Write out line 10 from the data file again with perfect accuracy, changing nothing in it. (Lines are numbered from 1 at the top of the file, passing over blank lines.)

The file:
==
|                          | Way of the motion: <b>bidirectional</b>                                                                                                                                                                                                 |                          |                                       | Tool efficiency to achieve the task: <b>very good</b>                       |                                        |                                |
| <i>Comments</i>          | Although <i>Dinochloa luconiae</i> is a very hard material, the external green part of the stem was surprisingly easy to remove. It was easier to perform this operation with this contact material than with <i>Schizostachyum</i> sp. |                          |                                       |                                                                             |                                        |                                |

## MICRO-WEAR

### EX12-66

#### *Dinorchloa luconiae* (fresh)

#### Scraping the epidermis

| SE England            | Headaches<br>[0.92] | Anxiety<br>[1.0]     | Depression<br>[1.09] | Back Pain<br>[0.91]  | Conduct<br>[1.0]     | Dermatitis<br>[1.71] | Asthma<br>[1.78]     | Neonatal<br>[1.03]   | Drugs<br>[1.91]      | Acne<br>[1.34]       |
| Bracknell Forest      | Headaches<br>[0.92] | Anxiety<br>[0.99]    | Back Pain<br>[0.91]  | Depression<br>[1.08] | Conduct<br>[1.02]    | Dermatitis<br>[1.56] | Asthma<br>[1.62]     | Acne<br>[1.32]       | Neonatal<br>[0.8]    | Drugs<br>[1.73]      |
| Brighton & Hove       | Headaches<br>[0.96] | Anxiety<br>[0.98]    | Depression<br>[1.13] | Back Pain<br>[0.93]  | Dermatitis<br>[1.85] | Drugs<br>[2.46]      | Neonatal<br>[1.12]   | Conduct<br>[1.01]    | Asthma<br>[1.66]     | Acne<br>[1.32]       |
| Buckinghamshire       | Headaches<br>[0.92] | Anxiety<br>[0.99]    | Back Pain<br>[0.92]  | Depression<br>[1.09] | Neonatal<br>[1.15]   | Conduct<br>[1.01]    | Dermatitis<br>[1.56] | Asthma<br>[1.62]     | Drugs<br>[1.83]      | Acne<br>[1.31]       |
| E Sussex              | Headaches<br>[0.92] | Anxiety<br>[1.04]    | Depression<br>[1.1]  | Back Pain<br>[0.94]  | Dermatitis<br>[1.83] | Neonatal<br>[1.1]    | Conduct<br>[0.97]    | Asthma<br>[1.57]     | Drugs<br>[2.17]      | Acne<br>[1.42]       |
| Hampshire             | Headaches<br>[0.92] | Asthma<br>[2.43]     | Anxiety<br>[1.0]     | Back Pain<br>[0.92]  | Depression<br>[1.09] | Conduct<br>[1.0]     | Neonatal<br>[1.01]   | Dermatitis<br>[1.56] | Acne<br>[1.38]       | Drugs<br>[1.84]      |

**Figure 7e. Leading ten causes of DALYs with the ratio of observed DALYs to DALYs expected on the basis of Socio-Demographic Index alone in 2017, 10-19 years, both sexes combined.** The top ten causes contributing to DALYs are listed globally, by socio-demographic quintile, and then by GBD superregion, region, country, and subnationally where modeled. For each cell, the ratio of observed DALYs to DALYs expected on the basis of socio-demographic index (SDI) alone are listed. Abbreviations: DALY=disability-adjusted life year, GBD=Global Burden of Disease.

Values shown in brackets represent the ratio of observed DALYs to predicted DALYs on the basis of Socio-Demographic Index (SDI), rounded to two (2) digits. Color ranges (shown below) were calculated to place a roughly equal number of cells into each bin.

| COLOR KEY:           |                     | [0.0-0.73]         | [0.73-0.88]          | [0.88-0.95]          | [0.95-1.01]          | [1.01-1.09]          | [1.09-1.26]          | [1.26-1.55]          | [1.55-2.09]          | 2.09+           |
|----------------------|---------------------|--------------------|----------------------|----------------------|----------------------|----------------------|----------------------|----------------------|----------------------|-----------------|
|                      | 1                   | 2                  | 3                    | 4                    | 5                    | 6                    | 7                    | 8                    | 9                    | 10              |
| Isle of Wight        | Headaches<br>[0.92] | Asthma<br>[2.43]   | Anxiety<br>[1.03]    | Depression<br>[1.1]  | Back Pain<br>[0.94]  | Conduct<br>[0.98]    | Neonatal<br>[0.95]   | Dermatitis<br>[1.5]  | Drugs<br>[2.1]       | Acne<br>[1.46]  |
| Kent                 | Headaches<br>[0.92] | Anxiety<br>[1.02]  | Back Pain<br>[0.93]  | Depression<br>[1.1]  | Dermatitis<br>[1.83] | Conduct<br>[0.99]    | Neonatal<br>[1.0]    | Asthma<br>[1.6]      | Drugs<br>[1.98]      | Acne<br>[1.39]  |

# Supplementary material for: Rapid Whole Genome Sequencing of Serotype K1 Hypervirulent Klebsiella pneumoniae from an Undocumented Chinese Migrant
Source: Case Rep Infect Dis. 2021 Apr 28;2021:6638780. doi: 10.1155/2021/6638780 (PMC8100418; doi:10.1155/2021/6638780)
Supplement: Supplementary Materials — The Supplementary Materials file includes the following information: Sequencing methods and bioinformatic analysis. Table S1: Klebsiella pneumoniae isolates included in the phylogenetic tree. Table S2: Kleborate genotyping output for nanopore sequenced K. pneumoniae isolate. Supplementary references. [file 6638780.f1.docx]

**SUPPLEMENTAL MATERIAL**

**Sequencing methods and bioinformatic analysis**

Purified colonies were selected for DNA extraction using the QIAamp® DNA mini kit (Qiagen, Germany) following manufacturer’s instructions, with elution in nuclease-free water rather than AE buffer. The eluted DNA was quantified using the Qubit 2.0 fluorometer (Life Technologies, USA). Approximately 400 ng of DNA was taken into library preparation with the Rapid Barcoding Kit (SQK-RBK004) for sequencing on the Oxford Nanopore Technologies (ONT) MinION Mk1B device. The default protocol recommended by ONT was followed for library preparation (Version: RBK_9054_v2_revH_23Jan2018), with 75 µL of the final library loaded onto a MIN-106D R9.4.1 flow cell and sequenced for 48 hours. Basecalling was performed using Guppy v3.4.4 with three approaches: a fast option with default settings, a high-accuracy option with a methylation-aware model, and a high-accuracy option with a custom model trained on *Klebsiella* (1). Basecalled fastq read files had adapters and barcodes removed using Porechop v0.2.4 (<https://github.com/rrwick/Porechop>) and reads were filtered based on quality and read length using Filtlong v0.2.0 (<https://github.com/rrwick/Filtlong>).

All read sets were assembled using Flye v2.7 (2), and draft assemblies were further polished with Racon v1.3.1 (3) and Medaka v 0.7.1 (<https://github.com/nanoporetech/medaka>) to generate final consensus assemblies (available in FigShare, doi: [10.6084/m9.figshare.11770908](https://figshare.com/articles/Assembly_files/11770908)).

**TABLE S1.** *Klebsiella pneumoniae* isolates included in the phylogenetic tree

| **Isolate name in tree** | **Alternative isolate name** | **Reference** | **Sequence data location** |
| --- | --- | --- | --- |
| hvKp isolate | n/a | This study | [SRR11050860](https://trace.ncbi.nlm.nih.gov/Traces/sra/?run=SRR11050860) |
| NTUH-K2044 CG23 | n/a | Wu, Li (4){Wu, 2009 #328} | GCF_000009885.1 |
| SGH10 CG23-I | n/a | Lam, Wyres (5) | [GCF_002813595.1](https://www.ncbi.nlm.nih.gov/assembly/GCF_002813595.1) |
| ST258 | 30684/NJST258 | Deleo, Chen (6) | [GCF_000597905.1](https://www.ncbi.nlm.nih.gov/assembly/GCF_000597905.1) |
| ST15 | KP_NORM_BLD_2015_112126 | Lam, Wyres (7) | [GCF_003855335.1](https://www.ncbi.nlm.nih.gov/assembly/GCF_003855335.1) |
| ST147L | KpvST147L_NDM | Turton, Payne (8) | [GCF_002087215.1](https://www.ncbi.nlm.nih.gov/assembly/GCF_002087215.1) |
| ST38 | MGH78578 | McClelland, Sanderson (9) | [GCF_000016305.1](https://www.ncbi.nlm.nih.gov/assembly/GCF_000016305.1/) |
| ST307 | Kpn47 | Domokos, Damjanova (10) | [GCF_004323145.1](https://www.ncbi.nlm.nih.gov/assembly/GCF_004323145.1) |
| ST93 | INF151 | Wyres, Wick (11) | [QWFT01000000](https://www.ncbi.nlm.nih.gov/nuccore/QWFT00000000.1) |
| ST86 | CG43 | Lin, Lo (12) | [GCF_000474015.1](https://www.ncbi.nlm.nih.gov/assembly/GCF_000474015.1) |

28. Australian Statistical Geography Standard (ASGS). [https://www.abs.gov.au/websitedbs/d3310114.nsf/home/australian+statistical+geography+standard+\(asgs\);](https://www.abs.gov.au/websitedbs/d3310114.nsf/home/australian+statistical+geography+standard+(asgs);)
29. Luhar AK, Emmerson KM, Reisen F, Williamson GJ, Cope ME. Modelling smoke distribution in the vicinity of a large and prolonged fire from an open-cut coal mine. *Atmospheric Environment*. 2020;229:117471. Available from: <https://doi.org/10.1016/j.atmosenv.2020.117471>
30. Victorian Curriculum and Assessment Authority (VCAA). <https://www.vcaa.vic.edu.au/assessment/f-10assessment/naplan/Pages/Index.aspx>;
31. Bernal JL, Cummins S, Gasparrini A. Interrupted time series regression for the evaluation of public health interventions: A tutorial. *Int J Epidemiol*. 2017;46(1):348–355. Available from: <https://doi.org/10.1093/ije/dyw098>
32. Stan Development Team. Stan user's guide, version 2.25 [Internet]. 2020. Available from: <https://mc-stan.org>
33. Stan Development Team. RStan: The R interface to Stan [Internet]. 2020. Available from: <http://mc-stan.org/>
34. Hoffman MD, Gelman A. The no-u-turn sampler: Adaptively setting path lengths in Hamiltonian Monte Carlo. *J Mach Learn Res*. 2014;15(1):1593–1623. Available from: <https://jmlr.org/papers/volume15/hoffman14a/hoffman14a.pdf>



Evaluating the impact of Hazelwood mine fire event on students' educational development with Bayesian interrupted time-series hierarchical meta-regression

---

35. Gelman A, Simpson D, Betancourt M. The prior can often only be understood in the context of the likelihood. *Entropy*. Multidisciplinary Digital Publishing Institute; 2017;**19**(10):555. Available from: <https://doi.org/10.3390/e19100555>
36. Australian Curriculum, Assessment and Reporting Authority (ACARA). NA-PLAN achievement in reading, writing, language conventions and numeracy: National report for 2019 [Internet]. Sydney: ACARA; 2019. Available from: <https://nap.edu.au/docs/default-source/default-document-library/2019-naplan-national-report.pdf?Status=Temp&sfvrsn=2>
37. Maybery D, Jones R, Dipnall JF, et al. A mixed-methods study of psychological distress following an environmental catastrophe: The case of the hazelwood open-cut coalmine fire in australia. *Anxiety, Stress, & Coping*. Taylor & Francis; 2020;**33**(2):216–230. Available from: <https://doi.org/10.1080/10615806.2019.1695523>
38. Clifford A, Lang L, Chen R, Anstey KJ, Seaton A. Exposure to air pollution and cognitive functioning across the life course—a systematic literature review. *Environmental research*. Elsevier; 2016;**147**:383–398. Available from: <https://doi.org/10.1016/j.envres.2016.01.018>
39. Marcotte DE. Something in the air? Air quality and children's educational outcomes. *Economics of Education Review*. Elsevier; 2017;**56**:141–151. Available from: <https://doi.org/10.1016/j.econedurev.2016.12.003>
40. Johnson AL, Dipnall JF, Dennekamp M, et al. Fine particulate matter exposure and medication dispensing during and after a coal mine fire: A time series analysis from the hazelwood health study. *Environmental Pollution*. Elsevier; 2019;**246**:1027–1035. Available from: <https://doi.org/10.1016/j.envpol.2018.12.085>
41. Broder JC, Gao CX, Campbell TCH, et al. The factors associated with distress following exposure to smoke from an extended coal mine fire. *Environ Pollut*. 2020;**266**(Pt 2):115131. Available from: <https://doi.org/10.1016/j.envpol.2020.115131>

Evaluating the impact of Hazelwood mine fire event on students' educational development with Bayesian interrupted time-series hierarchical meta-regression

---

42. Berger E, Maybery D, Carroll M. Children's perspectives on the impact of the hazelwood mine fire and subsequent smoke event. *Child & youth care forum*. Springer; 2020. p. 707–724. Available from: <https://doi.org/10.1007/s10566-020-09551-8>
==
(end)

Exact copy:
| Buckinghamshire       | Headaches<br>[0.92] | Anxiety<br>[0.99]    | Back Pain<br>[0.92]  | Depression<br>[1.09] | Neonatal<br>[1.15]   | Conduct<br>[1.01]    | Dermatitis<br>[1.56] | Asthma<br>[1.62]     | Drugs<br>[1.83]      | Acne<br>[1.31]       |